During Q1 2015, PEAC has taken in 10 new parrots to its foster program. That brings the total number of parrots in the program to 23. Im very happy to report we have had 8 successful adoptions, one of which was to a couple all the way in New Mexico, which is just fantastic.  Along with the successfully completed adoptions, 2 other adoptions might just be completed by the end of March bringing the number of successful adoptions for the first quarter of 2015 to 10.  Though the numbers of relinquished parrots continues to go up and adoptions by no means keep pace its your support that gives us the ability to provide safe and healthy care for these intelligent creatures until we can find the right home.  Our  intake procedures continue to give us the opportunity to first address the reason the owner is looking to surrender their parrot and some times, we are able to educate them with regards to better ways to work with the situation making it possible to keep their parrot and not relinquish it. When this is not a possibility we interview the parrot to evaluate  its personality and to understand if we have the means with in our foster program to correct any bad behaviors. In the event the behaviors are beyond what PEAC is able to work with we then offer to assist the owner in finding a sanctuary for the parrot.  This may take months to accomplish but we have found that if the owner truly cares about what happens to their parrot they are willing to wait until the right place to take their pet is found. Your donations assist us in transporting these parrots, sometimes long distances, to suitable sanctuaries that have been reviewed by PEAC to insure that they have policies and procedures in place which line up with PEAC’s principals. Currently there are 4 parrots on the waiting list one of which has already been interviewed and is scheduled to join the program on March 16th. We are working on reviewing the relinquishment questionnaires and scheduling the intake interviews for the other three.

Donations from the 2014 campaign have allowed us to make a few purchases for our expos and outreach events.  We recently purchased a black screen to fit our canopy we use at  larger events as the white screen we have used for several years hindered the public getting a good view of the parrots that we bring to participate.  Your donations will also go towards our purchase of a new canopy all together with the PEAC logo printed on the solid top covering of the canopy.  We also had a new PEAC banner printed to display at our big events as well as a few of the outreach events were we need to use our canopy.  The old banner is now being used for the front of the canopy which helps keep people and their children or pets from bumping into the screen causing the parrots being showcased to become scared. Along with those items we have also purchase a new table and two chairs, and are looking to purchase a new table covering with our logo on it, as we are working on developing a monthly outreach  program with the Claremont Petsmart in San Diego.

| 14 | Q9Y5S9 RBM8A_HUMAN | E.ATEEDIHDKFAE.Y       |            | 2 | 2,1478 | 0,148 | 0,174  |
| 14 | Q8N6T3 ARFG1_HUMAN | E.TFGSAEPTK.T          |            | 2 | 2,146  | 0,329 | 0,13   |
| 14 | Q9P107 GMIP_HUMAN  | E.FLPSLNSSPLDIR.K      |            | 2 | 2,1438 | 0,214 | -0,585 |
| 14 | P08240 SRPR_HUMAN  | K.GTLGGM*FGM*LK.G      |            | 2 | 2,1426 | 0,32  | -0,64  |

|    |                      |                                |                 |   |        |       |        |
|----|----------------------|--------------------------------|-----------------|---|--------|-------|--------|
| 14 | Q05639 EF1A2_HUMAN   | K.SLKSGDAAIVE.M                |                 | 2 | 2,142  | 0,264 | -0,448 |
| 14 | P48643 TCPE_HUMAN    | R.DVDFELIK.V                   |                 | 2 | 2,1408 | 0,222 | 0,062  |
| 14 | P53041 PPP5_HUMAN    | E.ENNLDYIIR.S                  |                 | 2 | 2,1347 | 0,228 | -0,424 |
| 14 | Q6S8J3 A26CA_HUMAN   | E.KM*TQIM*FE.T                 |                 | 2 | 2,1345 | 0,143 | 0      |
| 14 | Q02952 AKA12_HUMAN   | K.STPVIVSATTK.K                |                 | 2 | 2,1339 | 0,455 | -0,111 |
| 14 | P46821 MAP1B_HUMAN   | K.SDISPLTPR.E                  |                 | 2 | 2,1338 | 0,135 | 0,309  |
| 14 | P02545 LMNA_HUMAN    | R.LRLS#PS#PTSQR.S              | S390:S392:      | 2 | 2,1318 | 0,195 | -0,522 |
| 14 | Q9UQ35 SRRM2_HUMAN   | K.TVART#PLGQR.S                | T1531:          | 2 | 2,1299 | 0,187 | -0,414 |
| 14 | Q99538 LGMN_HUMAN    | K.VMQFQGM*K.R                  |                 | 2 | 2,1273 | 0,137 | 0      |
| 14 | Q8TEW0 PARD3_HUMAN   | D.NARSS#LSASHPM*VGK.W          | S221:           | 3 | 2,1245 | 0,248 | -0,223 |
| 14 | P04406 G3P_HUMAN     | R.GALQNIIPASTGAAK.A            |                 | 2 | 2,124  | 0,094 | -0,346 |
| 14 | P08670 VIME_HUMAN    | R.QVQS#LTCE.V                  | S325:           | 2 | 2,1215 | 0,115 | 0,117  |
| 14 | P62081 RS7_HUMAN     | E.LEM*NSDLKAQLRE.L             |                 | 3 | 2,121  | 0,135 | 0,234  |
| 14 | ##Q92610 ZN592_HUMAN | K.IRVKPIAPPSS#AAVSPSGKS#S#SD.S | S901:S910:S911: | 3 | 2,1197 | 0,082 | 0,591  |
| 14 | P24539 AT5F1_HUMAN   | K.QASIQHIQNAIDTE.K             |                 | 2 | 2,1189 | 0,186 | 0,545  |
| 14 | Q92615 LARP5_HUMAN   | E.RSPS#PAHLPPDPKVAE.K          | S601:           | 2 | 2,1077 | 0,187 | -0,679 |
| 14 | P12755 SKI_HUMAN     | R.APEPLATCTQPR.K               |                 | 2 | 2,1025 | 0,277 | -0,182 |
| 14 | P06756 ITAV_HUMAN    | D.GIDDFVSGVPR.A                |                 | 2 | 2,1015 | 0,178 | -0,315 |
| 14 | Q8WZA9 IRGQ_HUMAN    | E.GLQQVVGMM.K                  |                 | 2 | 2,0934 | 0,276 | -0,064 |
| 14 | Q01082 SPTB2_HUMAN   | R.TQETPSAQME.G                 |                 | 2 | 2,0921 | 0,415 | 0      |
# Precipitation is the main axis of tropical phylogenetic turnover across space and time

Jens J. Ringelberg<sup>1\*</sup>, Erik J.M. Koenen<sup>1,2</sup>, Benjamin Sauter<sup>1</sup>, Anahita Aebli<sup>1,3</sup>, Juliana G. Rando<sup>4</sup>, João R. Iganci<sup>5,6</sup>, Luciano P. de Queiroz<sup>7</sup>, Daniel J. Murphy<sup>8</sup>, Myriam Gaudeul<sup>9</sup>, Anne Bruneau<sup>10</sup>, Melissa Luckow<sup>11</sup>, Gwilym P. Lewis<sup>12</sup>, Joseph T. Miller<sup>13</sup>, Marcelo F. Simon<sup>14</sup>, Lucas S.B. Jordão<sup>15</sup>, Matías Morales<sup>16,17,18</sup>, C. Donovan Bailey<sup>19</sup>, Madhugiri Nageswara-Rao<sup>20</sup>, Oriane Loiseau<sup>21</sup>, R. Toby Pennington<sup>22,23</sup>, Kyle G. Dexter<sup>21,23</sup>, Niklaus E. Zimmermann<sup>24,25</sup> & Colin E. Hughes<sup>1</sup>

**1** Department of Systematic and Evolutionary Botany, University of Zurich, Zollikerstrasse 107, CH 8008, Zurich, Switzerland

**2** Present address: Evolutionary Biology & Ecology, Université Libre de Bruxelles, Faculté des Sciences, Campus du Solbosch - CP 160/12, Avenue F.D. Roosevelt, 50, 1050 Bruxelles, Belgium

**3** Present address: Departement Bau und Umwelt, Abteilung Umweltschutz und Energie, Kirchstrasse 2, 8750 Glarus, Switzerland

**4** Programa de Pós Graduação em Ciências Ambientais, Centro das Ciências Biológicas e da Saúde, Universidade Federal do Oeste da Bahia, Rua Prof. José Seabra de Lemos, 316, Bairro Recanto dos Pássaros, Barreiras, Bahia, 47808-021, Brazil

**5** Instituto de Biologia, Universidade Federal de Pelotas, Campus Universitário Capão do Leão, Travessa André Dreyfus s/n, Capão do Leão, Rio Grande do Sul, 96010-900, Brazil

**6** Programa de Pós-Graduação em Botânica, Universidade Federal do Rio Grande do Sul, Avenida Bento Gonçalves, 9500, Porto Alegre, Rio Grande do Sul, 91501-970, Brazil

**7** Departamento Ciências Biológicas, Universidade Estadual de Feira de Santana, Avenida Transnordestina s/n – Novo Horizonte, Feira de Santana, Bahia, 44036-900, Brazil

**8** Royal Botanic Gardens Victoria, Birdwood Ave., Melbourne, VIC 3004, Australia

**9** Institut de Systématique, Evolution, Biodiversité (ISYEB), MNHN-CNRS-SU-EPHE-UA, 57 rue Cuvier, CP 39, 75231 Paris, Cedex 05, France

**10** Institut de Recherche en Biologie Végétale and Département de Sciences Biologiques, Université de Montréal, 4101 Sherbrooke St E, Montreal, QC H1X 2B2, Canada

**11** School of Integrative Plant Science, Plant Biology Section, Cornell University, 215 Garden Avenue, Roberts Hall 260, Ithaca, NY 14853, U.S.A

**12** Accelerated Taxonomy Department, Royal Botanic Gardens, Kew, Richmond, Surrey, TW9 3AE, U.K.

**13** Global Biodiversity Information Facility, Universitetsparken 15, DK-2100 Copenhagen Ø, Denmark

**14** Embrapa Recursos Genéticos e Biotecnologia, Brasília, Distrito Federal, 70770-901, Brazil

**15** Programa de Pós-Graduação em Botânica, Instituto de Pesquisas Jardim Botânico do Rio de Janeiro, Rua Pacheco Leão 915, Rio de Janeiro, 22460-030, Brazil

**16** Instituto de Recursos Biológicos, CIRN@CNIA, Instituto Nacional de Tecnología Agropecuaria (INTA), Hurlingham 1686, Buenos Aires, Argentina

A new fundraising project that we have used GlobalGiving funds on is the “parrot painting project-PPP”.  Who knew, that parrots like to paint.  We held our first ever parrot painting class at the DAS conference room, in February, and learned a great deal on how to encourage and work with the parrots when they are painting.  As they are intelligent with an intellect similar to that of a 2-5 year old, so just like young children, some become board quickly while others you can not get to stop as they want to play for ever.  We’ve discovered a few are true artists.  We are raffling off a larger painting at each of the larger pet events we participate in.  A local hair and body salon in North County, which has a small art gallery as part of their location, has kindly allowed us to display the parrots works and we have already sold several.  Who knew, Boubo the Greenwing Macaw, would be the next Jackson Pollack.  We hope in the coming months to have the paintings on the website so you may contact us with a request on color and size of a particular painting and we will see if one of the foster bird would be happy to do a painting for you.

As is always the case with the finances of PEAC a large portion of all funds we receive go towards the vet care the parrots require.  Recently we received a scarlet macaw from one of our partners, the Department of Animal Services of San Diego (we are currently the only parrot rescue the DAS of San Diego is working with), after being found in the Sunset Cliffs area of San Diego.  On exam it was obvious that he had severe arthritis, several X-rays revealed that all the digits in both feet were fused together making it not only painful for him to step up but, also very difficult for him to grip.  The films also showed a very advanced case of arterial sclerosis. All of the main blood vessels showed significant blockages and unfortunately, other than diet, there is little that can be done for him regarding this condition.  Add to these health problems, after being in the foster program it became aware that he had some type of intestinal infection, as his droppings were mostly water and had a terrible odor.   He was placed on a 7 day course of antibiotic however, 5 days after finishing the treatment the infection returned and is not being treated with a different antibiotic.  We are lucky that he loves bananas (though it is a lot of sugar) as it makes giving him oral medication quite easy.  His arthritis has improved and a lot of the inflammation has been resolved by treating him with Medicam and daily warm water therapy sessions accompanied by some soothing foot massages.  He is suspected to be a geriatric parrot possibly 60-70 years old and he has the personality of a gentle old man.  Surfers vet expenses are already in the hundreds of dollars and he will require treatment for the remainder of his life.